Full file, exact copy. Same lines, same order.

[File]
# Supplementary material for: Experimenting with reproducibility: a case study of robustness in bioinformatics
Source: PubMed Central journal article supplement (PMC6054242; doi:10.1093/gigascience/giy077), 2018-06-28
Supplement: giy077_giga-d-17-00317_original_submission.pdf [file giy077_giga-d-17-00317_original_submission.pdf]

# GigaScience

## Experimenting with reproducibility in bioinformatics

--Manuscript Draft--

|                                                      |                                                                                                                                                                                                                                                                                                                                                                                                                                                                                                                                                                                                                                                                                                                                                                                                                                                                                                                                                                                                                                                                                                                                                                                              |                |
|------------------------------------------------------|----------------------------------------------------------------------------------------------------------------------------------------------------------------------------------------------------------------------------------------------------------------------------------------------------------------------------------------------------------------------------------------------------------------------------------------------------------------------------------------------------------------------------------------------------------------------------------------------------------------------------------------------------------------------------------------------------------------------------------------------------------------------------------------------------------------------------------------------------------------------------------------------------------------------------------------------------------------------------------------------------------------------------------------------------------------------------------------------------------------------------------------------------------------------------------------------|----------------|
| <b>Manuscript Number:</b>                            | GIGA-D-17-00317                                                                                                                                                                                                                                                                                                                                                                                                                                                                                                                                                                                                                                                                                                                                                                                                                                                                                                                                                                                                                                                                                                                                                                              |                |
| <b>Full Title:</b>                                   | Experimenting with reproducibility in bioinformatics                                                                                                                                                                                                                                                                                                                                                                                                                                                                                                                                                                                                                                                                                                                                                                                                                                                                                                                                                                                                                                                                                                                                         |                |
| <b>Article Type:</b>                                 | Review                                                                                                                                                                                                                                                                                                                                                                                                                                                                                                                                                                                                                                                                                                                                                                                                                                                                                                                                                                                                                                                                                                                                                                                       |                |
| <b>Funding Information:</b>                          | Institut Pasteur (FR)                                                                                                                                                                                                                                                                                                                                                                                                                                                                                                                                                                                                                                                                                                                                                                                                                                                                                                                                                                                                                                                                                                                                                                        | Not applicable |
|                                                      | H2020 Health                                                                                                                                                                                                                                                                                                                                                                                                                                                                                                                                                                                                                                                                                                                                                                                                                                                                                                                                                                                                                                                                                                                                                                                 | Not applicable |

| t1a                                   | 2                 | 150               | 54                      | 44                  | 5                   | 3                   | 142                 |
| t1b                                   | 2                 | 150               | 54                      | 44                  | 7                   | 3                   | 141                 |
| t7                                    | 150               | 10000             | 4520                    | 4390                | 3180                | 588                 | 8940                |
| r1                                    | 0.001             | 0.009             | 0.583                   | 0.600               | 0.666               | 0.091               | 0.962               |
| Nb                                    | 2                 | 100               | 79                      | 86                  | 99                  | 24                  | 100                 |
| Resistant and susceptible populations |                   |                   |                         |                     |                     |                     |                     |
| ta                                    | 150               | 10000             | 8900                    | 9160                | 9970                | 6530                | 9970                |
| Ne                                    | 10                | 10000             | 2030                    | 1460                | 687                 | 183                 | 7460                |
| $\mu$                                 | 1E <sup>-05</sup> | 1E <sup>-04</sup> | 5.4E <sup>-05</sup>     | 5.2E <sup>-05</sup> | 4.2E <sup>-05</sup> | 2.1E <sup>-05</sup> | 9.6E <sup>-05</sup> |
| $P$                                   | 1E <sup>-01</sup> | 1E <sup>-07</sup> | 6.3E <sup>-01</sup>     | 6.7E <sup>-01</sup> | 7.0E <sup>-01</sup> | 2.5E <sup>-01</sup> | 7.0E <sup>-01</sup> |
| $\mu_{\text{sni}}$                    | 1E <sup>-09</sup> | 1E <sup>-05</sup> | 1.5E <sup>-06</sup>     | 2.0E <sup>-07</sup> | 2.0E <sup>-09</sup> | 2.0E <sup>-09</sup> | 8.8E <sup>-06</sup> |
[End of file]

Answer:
# Supplementary material for: Experimenting with reproducibility: a case study of robustness in bioinformatics
Source: PubMed Central journal article supplement (PMC6054242; doi:10.1093/gigascience/giy077), 2018-06-28
Supplement: giy077_giga-d-17-00317_original_submission.pdf [file giy077_giga-d-17-00317_original_submission.pdf]

# GigaScience

## Experimenting with reproducibility in bioinformatics

--Manuscript Draft--

|                                                      |                                                                                                                                                                                                                                                                                                                                                                                                                                                                                                                                                                                                                                                                                                                                                                                                                                                                                                                                                                                                                                                                                                                                                                                              |                |
|------------------------------------------------------|----------------------------------------------------------------------------------------------------------------------------------------------------------------------------------------------------------------------------------------------------------------------------------------------------------------------------------------------------------------------------------------------------------------------------------------------------------------------------------------------------------------------------------------------------------------------------------------------------------------------------------------------------------------------------------------------------------------------------------------------------------------------------------------------------------------------------------------------------------------------------------------------------------------------------------------------------------------------------------------------------------------------------------------------------------------------------------------------------------------------------------------------------------------------------------------------|----------------|
| <b>Manuscript Number:</b>                            | GIGA-D-17-00317                                                                                                                                                                                                                                                                                                                                                                                                                                                                                                                                                                                                                                                                                                                                                                                                                                                                                                                                                                                                                                                                                                                                                                              |                |
| <b>Full Title:</b>                                   | Experimenting with reproducibility in bioinformatics                                                                                                                                                                                                                                                                                                                                                                                                                                                                                                                                                                                                                                                                                                                                                                                                                                                                                                                                                                                                                                                                                                                                         |                |
| <b>Article Type:</b>                                 | Review                                                                                                                                                                                                                                                                                                                                                                                                                                                                                                                                                                                                                                                                                                                                                                                                                                                                                                                                                                                                                                                                                                                                                                                       |                |
| <b>Funding Information:</b>                          | Institut Pasteur (FR)                                                                                                                                                                                                                                                                                                                                                                                                                                                                                                                                                                                                                                                                                                                                                                                                                                                                                                                                                                                                                                                                                                                                                                        | Not applicable |
|                                                      | H2020 Health                                                                                                                                                                                                                                                                                                                                                                                                                                                                                                                                                                                                                                                                                                                                                                                                                                                                                                                                                                                                                                                                                                                                                                                 | Not applicable |

| t1a                                   | 2                 | 150               | 54                      | 44                  | 5                   | 3                   | 142                 |
| t1b                                   | 2                 | 150               | 54                      | 44                  | 7                   | 3                   | 141                 |
| t7                                    | 150               | 10000             | 4520                    | 4390                | 3180                | 588                 | 8940                |
| r1                                    | 0.001             | 0.009             | 0.583                   | 0.600               | 0.666               | 0.091               | 0.962               |
| Nb                                    | 2                 | 100               | 79                      | 86                  | 99                  | 24                  | 100                 |
| Resistant and susceptible populations |                   |                   |                         |                     |                     |                     |                     |
| ta                                    | 150               | 10000             | 8900                    | 9160                | 9970                | 6530                | 9970                |
| Ne                                    | 10                | 10000             | 2030                    | 1460                | 687                 | 183                 | 7460                |
| $\mu$                                 | 1E <sup>-05</sup> | 1E <sup>-04</sup> | 5.4E <sup>-05</sup>     | 5.2E <sup>-05</sup> | 4.2E <sup>-05</sup> | 2.1E <sup>-05</sup> | 9.6E <sup>-05</sup> |
| $P$                                   | 1E <sup>-01</sup> | 1E <sup>-07</sup> | 6.3E <sup>-01</sup>     | 6.7E <sup>-01</sup> | 7.0E <sup>-01</sup> | 2.5E <sup>-01</sup> | 7.0E <sup>-01</sup> |
| $\mu_{\text{sni}}$                    | 1E <sup>-09</sup> | 1E <sup>-05</sup> | 1.5E <sup>-06</sup>     | 2.0E <sup>-07</sup> | 2.0E <sup>-09</sup> | 2.0E <sup>-09</sup> | 8.8E <sup>-06</sup> |